Selling Women Short: The Landmark Battle for Workers' Rights at Wal-Mart.
Liza Featherstone Basic Books www.basicbooks.com 288 pp., $25
If you don't already dislike Wal-Mart, this book will give you dozens of reasons to. In Selling Women Short, journalist Liza Featherstone examines Wal-Mart's alleged misconduct toward its female employees and explores the system that has allowed it to persist.
The framework for Featherstone's examination is the nationwide gender-discrimination class action Dukes v. Wal-Mart Stores, Inc. The lawsuit, filed in 2001, alleges that Wal-Mart systematically discriminates, in both pay and promotional opportunities, against its female workers at all levels of the company.
Citing expert reports from the Dukes litigation, Featherstone serves up a seemingly indefensible indictment of the company. "Women make up 72 percent of Wal-Mart's hourly workforce ... but only 34 percent of its managers are women," she writes. Of the lucrative store-manager positions--usually six-figure jobs--women hold only 14 percent, and they hold only 10 percent of higher-level posts. Conversely, 92 percent of cashiers--the lowest-paid employees--are women, Featherstone writes.
Throughout the book, she tells the personal stories of women, many of them plaintiffs in Dukes, who have been held back despite superior qualifications, experience, and ability. For example, Stephanie Odle began her career with Wal-Mart subsidiary Sam's Club in 1991 in Lubbock, Texas. After transferring to 11 different stores to advance her career, she was promoted to assistant manager. Odle learned by chance that her male counterpart earned $10,000 more than her, even though he had substantially less experience in the position and less time with the company.
When she brought this discrepancy to her manager's attention, he told her that the male coworker had a family to support with no regard to the fact that Odle was about to become a single mother. The manager's solution was to ask her for an itemization of her monthly expenses so he could help her budget her money better. Odle ultimately received a raise, but it did not bring her salary up to her male coworker's level.
The author cites many similar examples: women excluded from management opportunities because of archaic notions of religion and family values, women forced to attend business meetings at Hooters restaurants, and female hourly employees made to train men for higher-level positions that women were plainly qualified for but were denied the opportunity to fill. Featherstone's interviews provide a window into the lives, careers, and disappointments of her subjects.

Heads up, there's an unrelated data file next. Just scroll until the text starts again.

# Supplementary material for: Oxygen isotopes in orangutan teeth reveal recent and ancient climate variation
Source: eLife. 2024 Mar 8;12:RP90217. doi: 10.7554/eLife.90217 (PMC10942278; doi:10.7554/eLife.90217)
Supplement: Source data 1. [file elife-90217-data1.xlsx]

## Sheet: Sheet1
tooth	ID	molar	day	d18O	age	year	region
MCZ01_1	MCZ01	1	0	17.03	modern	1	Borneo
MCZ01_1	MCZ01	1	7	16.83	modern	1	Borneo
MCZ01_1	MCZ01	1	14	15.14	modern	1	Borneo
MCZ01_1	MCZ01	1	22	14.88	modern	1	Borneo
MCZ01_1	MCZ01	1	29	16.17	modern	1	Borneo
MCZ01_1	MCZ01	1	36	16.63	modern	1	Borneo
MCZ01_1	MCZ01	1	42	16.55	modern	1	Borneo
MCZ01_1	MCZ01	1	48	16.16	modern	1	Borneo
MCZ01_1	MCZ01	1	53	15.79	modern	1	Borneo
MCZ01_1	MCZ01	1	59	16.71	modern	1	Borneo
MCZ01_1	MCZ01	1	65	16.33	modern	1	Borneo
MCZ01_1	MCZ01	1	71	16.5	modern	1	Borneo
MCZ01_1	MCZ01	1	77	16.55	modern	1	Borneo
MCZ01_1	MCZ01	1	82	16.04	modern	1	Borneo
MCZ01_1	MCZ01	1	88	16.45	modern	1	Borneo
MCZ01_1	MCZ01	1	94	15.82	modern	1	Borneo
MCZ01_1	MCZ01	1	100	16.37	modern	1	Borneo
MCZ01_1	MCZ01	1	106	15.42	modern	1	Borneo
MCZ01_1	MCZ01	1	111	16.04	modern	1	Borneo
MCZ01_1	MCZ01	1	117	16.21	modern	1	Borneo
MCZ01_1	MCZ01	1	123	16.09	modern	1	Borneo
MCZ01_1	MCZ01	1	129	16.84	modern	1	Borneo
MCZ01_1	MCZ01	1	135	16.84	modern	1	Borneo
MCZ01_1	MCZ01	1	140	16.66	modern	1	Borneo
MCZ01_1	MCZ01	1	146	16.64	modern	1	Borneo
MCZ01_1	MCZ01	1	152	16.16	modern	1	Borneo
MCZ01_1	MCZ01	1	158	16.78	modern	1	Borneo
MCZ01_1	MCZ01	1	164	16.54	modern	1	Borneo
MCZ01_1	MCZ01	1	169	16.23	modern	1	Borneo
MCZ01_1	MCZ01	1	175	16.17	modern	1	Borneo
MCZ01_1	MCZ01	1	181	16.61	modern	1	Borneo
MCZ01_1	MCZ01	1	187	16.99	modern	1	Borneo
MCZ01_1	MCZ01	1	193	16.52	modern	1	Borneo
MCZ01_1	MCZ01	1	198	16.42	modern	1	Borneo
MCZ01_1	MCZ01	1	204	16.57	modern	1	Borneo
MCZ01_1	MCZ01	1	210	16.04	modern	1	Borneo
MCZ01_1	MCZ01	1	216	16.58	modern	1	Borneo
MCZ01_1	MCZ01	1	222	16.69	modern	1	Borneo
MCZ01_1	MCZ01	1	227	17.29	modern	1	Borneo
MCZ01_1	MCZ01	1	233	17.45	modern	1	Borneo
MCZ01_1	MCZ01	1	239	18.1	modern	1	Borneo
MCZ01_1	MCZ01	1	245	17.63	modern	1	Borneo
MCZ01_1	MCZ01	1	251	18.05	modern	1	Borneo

According to Featherstone, the company recognized as early as 1987 that it had an alarmingly small number of women in managerial roles. But, Featherstone writes, it did little to address the problem until 1996, when it undertook a study that revealed that the company had a cultural problem that allowed "stereotypes to limit opportunities offered to women."
Wal-Mart, however, set aside the study and an accompanying report and took no action to rectify the problems they identified. The report resurfaced only after Dukes was filed. Wal-Mart did not, until recently, implement a job-posting system to notify employees of advancement opportunities. As a result, according to Featherstone and the Dukes plaintiffs, the company passed over women for promotion in favor of men preselected by the incumbent, almost exclusively male, upper-management team. Other policies, such as requiring relocation as a condition of promotion to management, also deter women from advancement in the company.
Many women Featherstone interviewed said they were disillusioned by a corporate culture that indoctrinates employees with unquestioning company loyalty. Because Wal-Mart repeatedly professes a commitment to supporting employees and providing advancement to "ordinary folks," dissent is considered disloyal. Internal complaints about discrimination do not fit the company culture. The unfulfilled promises of advancement in exchange for loyalty make these women's personal accounts of discrimination particularly tragic.
The book also champions class actions' positive effect on corporate conduct. It depicts the plaintiffs' legal team in Dukes as crusaders for justice, a refreshing reprieve from the constant attacks on trial lawyers.
Although the book is a compelling read overall, its structure is somewhat disjointed. Little distinguishes the themes of the various chapters. Featherstone also stretches to reach some conclusions that her evidence and citations don't support, so she loses some credibility.
Whatever its editorial shortcomings, however, these women's stories need to be told. Responsible consumers need to know about the discriminatory employment practices of our country's largest retailer.
Selling Women Short is a fascinating look at the struggles of women employees at Wal-Mart--not only for advocates of women's rights in the workplace, but also for anyone with a sense of justice.
ANN-MARIE AHERN practices employment law in Cleveland.
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|Article Type:||Book Review|
|Date:||Mar 1, 2005|
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